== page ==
The Bible Verse That Could Land Scott Walker in a Major Battle With Atheists

An atheist group is demanding that Wisconsin Gov. Scott Walker (R) remove a Bible verse posted to his social media accounts Sunday, calling it “improper” for a politician to promote personal religious views using “the machinery of the state.”

Wisconsin Gov. Scott Walker, a member of the executive committee of the National Governors Association, speaks to the media after meeting with President Barack Obama at the White House Tuesday, Jan. 14, 2014, in Washington. (AP Photo/Jacquelyn Martin)

The Freedom From Religion Foundation wrote a letter to Walker asking him to delete the message, which read simply, “Philippians 4:13,” from his official Facebook and Twitter accounts.

The popular New Testament Bible verse reads, “I can do all things through Christ who strengthens me.”

“We’re waiting to hear from [the governor],” Freedom From Religion Foundation co-president Dan Barker told TheBlaze Wednesday.

[blackbirdpie url=”″]

If Walker refuses to remove the verse, Barker said his organization will explore its options, including possible legal action.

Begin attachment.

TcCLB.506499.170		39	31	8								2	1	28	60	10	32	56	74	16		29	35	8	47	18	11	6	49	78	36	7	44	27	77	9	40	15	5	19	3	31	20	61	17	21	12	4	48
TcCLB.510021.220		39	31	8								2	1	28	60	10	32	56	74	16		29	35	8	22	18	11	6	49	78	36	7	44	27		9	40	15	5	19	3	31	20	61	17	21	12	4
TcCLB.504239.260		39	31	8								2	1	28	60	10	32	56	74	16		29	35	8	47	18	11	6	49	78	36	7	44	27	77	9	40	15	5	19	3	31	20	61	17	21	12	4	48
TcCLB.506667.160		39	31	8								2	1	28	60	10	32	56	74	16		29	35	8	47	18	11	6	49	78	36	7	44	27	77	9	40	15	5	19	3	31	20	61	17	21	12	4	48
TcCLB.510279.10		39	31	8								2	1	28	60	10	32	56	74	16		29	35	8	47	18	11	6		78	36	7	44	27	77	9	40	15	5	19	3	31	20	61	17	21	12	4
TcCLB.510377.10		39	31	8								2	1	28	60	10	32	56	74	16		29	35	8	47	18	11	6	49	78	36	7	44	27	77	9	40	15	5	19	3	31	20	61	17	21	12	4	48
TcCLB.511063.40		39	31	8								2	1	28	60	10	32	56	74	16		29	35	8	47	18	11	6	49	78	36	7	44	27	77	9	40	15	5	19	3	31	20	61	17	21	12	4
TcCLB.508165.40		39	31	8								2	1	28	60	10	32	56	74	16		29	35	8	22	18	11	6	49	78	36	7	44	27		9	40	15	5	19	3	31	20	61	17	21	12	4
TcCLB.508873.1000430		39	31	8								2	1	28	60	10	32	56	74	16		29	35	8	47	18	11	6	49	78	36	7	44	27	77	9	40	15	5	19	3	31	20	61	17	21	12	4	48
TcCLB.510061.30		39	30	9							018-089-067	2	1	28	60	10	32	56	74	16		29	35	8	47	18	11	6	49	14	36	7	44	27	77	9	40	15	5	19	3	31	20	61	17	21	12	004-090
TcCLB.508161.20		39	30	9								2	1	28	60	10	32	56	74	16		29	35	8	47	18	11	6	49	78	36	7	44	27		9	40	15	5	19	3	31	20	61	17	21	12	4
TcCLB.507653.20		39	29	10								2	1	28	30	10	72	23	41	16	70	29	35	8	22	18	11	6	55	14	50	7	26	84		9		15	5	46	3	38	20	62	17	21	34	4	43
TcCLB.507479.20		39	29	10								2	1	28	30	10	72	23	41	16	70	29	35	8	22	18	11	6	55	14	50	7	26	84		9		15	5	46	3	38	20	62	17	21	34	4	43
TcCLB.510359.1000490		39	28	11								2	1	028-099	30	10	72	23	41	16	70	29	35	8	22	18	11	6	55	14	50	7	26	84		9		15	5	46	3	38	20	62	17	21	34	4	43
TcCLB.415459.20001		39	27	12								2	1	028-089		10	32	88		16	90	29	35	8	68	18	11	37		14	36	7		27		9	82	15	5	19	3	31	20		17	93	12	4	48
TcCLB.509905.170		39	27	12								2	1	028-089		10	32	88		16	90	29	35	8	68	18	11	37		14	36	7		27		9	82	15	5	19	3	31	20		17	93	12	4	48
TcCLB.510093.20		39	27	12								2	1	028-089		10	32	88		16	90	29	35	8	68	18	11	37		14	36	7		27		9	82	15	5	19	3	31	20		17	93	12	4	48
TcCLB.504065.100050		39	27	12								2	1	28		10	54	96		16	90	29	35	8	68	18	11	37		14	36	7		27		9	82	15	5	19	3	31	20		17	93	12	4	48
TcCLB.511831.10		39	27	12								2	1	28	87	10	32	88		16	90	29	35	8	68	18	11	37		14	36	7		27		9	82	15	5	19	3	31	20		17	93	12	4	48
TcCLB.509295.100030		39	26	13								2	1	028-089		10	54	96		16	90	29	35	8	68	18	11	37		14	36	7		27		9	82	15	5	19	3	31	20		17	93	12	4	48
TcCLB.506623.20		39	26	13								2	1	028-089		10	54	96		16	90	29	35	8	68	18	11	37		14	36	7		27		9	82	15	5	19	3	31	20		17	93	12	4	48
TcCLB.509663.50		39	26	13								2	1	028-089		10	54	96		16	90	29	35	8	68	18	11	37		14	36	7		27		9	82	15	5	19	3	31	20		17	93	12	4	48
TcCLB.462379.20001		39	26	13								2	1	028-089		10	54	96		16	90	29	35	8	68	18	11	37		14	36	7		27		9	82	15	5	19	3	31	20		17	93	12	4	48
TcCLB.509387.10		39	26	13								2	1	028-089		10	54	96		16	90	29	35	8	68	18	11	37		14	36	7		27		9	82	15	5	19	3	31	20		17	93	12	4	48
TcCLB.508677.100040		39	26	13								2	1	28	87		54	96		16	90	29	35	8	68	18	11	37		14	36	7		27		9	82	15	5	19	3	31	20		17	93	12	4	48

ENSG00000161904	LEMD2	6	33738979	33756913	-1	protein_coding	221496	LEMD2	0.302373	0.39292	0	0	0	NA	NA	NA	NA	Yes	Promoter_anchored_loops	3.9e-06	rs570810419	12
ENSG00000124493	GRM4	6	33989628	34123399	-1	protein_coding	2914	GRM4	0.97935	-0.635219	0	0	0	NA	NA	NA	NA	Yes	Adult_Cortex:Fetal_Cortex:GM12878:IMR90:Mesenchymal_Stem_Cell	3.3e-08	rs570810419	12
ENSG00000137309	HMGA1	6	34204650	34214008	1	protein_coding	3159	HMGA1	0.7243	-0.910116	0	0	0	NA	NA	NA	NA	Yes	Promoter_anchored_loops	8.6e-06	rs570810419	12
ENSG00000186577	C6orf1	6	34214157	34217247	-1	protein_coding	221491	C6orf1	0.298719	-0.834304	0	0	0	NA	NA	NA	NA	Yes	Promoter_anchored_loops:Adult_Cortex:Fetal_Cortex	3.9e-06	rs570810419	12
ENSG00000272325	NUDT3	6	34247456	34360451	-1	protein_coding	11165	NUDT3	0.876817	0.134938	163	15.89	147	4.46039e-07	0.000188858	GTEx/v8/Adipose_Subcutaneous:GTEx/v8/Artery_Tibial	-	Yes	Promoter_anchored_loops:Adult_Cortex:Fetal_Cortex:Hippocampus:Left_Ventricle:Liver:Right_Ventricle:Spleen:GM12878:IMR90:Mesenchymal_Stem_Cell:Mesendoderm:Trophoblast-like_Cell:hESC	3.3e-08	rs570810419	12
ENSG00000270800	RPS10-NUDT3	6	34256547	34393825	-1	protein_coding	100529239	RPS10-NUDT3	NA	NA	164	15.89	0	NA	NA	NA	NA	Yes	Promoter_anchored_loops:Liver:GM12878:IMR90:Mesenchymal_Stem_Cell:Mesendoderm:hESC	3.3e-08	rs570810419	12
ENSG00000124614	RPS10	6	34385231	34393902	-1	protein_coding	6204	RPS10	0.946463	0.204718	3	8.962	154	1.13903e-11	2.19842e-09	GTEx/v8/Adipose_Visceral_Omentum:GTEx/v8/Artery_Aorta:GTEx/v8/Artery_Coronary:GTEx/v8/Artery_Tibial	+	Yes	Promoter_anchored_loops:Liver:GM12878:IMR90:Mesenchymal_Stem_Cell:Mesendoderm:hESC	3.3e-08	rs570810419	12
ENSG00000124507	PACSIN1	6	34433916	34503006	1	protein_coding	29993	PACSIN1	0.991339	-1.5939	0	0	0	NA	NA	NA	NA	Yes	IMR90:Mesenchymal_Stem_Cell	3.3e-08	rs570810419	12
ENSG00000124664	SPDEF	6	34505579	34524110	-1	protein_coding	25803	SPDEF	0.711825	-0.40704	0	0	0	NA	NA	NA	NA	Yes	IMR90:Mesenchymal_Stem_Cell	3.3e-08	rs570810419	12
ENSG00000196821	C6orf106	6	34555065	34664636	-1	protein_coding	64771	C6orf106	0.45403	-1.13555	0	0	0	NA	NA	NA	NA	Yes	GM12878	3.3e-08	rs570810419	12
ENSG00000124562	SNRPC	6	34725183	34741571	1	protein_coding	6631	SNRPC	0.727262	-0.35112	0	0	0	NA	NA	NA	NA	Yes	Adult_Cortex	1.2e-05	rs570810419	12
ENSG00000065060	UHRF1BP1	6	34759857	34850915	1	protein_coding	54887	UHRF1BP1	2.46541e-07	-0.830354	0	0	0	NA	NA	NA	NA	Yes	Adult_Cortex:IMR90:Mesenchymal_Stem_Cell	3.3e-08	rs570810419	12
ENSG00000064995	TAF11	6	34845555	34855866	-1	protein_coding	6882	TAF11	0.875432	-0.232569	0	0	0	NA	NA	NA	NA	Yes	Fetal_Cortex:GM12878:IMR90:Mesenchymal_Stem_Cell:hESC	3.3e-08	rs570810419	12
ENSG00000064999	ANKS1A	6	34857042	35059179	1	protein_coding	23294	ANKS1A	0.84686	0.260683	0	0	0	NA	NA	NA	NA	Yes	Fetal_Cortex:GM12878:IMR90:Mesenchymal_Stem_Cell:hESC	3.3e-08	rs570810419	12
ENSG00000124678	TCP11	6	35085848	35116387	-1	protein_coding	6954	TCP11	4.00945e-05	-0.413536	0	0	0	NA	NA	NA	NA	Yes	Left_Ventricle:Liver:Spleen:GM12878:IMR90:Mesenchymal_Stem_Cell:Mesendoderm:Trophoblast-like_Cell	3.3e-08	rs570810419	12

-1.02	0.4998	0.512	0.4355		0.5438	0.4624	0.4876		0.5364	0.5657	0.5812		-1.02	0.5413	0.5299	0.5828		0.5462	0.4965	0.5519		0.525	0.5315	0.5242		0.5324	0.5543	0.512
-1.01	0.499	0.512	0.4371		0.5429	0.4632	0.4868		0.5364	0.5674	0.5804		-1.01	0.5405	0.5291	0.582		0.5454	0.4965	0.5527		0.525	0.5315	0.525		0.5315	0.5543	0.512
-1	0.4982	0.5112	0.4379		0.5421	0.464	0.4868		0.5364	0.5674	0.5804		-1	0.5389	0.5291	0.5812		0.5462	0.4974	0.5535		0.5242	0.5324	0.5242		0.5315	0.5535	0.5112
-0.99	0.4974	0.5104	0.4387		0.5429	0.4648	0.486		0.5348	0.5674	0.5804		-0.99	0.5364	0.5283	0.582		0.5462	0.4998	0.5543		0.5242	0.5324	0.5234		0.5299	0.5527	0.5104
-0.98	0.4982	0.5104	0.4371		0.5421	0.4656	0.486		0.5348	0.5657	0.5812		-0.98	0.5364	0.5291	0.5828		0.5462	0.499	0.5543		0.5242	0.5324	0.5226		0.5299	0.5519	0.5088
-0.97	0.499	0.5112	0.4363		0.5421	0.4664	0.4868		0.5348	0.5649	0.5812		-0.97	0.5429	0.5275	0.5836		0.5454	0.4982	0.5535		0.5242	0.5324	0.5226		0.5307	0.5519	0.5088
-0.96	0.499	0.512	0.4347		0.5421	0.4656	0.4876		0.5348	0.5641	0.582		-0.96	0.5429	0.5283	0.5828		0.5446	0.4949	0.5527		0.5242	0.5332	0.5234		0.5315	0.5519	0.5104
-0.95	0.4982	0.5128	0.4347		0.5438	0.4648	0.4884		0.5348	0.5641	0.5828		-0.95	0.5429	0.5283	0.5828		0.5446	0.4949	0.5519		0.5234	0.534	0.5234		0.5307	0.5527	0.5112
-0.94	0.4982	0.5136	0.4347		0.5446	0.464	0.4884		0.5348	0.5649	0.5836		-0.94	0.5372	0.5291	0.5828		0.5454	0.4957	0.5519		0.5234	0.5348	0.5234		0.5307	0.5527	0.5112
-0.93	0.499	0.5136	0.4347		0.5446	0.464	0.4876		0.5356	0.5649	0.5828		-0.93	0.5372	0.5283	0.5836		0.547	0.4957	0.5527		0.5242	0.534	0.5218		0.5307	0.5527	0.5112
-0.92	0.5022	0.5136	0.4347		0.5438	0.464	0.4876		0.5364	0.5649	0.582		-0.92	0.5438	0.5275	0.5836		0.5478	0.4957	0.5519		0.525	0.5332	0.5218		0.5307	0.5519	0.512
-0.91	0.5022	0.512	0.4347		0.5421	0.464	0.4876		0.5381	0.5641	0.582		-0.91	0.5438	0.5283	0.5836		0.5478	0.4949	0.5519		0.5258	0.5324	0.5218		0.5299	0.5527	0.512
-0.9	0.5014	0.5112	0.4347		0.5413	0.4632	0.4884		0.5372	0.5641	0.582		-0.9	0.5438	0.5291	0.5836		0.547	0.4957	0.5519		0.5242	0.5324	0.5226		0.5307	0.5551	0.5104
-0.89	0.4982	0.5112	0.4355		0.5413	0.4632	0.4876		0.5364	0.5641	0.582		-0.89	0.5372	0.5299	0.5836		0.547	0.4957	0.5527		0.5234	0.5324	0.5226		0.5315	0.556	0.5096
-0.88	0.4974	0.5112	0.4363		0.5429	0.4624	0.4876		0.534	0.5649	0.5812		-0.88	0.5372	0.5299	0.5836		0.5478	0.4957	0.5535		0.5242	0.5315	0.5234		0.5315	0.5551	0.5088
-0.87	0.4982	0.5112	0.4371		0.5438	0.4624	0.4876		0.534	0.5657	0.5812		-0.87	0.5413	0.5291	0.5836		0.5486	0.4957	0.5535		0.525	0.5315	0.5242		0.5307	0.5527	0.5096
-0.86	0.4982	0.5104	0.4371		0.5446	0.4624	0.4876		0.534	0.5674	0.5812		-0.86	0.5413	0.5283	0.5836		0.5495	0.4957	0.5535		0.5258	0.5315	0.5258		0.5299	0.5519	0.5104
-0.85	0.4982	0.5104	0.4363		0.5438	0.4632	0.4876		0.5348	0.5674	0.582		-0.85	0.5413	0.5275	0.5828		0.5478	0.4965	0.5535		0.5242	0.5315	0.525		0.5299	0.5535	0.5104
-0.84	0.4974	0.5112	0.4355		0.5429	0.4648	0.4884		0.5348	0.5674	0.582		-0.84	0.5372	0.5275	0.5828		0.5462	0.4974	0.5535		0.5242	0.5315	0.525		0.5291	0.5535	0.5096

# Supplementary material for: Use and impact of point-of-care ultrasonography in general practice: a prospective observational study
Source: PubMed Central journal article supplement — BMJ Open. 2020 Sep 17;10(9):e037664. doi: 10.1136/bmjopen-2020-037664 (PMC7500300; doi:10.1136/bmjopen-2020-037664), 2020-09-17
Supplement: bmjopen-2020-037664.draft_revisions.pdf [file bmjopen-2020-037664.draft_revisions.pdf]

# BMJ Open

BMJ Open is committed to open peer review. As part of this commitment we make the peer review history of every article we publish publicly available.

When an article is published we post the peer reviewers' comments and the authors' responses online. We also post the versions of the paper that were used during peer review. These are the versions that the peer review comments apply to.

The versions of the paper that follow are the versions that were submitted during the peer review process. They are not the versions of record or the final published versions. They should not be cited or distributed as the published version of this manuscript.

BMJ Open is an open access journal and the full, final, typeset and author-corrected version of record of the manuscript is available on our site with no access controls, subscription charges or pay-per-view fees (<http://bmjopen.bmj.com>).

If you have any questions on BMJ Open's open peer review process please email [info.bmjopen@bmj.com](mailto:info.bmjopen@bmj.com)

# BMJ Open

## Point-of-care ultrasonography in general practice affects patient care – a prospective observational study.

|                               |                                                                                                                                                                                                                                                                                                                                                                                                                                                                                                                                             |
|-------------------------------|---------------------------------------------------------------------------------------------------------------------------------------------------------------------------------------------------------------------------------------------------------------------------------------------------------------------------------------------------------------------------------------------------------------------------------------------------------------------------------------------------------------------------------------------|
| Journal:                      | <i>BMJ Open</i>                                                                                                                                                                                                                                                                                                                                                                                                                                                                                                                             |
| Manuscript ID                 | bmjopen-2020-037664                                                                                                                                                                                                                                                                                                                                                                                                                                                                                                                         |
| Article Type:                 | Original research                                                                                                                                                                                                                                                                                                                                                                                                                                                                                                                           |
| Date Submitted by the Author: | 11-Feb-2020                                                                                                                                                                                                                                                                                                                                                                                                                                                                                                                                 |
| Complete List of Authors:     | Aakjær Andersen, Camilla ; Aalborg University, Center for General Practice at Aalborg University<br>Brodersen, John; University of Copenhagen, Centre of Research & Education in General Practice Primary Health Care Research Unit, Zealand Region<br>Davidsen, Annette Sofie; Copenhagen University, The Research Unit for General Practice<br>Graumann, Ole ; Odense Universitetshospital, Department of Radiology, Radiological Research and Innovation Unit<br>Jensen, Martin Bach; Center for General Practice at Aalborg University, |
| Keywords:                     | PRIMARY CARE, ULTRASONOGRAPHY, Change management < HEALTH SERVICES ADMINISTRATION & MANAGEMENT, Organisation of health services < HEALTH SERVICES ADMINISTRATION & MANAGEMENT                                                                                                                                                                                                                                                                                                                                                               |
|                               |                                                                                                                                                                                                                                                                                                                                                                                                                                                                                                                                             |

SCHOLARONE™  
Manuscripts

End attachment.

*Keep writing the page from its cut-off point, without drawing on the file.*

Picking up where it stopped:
“A lawsuit is always a possibility,” he said. “We can’t take every lawsuit and you can’t talk about lawsuits too early because there’s too many factors.”

Barker said he’s most concerned with the notion that Walker used his government position to promote his Christian worldview.

Image source: Gov. Scott Walker/Facebook
Image source: Gov. Scott Walker/Facebook

While the Freedom From Religion Foundation disagrees with the placement of the verse on Walker’s social media accounts, Barker told TheBlaze that the governor is free to express his religious views, so long as he publishes or utters faith-based statements outside of his official capacity.

“We don’t want to limit his religious freedom either, but he represents all of us,” said Barker, who lives in Wisconsin.

If indeed Walker says the verse was personal and not sent from a government device, Barker said his organization will investigate and, if it checks out, the situation might simply be settled, though he offered no guarantees.

The Freedom From Religion Foundation also published a statement on its website Tuesday in which Barker and his fellow co-president and wife Annie Laurie Gaylor said the Bible-based message “seems more like a threat, or the utterance of a theocratic dictator, than of a duly elected civil servant.”

Calls to Walker’s press office for comment were not returned.